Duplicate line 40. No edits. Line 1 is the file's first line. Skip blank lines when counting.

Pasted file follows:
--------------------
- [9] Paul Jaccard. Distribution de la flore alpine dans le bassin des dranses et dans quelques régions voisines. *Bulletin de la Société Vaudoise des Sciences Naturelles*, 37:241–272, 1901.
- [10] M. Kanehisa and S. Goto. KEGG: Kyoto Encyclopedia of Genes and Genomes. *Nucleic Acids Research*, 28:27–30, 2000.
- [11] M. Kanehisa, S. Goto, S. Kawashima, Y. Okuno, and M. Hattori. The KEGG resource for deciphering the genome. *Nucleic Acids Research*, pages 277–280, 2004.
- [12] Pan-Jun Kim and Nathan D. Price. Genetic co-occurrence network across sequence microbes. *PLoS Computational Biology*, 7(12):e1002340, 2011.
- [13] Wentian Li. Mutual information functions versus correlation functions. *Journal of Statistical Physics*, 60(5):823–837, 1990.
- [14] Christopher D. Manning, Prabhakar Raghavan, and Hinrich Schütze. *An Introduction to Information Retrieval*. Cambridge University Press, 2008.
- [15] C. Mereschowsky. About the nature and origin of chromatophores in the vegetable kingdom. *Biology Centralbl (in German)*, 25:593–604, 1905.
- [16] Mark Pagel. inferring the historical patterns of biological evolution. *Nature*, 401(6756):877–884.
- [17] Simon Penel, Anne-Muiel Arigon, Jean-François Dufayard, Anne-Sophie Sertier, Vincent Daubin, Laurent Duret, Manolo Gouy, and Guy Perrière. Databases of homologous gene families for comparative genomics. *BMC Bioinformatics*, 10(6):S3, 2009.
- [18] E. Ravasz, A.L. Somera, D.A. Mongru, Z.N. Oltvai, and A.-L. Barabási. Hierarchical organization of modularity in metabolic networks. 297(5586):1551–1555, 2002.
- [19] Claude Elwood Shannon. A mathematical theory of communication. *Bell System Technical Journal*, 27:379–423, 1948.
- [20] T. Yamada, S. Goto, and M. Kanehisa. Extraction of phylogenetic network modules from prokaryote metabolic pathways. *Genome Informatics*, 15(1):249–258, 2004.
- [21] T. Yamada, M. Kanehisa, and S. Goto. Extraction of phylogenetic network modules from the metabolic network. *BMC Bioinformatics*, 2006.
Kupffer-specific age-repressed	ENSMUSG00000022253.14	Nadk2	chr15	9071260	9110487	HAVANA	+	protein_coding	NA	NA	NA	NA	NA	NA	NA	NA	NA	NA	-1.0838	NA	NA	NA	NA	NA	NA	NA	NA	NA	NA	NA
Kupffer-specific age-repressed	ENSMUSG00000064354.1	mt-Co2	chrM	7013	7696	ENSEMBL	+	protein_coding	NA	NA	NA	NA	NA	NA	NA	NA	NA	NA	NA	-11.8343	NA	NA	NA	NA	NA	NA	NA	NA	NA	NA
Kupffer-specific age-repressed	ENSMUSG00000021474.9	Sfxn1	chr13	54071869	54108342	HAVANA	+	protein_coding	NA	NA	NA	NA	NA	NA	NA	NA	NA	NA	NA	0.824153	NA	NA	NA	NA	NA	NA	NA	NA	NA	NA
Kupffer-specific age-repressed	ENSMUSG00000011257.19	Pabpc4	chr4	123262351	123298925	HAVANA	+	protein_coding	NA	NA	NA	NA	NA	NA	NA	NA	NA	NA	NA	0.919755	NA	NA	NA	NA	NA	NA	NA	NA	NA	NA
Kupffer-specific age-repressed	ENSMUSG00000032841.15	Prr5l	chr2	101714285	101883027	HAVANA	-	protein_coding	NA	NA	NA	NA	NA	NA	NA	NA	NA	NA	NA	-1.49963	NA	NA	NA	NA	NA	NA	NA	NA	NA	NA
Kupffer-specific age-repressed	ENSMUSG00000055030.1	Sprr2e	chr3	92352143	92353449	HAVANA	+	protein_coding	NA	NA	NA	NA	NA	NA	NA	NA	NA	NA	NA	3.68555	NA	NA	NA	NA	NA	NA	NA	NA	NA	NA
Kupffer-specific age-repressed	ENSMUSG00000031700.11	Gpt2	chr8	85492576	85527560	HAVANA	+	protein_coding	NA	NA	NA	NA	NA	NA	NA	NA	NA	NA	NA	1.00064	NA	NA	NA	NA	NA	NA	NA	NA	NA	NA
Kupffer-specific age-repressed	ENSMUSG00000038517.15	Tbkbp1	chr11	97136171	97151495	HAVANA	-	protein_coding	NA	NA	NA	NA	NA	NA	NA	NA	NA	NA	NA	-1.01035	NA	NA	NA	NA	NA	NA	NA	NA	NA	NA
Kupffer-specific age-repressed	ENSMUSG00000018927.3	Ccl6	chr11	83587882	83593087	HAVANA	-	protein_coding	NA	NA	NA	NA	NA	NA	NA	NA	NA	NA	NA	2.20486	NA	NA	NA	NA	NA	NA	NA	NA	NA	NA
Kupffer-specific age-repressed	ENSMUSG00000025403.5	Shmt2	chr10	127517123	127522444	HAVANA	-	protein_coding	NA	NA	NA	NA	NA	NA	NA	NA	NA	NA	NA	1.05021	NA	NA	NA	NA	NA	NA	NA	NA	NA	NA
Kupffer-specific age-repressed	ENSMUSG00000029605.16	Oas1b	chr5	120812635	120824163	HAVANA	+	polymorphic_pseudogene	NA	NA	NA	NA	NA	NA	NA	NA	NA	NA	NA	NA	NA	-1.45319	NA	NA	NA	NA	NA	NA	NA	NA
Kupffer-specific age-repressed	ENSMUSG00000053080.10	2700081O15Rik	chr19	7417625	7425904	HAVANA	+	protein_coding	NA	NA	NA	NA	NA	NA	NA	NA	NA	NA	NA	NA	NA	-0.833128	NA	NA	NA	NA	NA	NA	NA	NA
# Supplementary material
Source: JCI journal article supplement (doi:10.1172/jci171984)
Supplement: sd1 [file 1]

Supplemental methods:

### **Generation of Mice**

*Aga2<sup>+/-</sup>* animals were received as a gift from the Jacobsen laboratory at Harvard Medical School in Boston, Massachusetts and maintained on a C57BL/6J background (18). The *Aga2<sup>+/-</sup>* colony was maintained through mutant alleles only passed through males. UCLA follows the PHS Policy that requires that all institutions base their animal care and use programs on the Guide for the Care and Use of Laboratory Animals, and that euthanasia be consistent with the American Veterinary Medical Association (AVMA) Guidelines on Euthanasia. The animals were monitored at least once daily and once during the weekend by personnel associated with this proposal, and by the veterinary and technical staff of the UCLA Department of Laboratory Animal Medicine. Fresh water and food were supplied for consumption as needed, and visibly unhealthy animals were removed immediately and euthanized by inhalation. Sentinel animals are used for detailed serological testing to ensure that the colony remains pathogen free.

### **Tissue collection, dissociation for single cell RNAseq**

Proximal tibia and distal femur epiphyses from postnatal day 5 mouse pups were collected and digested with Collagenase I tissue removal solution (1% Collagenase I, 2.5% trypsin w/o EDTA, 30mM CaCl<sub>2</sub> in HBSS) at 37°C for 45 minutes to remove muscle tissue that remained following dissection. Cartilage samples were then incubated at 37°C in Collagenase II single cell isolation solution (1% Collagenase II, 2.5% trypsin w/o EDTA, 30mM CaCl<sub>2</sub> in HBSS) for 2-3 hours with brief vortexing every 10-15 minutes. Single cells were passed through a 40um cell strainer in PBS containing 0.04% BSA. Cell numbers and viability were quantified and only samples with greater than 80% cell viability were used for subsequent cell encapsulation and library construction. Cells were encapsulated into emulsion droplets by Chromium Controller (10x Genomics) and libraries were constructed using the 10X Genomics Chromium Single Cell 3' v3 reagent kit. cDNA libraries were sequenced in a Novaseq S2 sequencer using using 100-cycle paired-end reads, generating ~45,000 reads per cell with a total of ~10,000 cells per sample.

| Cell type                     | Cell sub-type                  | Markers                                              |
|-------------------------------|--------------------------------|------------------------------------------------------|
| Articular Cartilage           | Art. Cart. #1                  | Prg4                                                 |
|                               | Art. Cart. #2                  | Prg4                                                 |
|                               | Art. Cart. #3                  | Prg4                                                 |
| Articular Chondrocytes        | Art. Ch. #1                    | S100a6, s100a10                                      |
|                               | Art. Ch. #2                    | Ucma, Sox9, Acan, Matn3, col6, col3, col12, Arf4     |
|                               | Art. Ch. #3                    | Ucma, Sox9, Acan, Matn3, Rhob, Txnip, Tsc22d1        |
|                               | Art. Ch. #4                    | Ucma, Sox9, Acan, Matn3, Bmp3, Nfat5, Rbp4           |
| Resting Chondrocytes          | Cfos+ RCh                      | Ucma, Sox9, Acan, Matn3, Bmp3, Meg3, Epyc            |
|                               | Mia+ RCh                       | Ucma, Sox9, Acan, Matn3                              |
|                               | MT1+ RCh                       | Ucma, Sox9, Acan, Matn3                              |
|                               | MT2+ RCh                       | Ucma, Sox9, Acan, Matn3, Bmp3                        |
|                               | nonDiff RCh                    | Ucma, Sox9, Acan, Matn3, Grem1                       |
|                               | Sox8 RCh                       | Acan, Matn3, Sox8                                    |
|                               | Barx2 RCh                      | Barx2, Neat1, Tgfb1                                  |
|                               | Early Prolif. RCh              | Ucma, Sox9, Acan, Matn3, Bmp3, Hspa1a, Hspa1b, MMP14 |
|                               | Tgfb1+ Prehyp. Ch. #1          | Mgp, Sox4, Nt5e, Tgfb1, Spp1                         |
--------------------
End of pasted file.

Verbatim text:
|                               | Art. Ch. #2                    | Ucma, Sox9, Acan, Matn3, col6, col3, col12, Arf4     |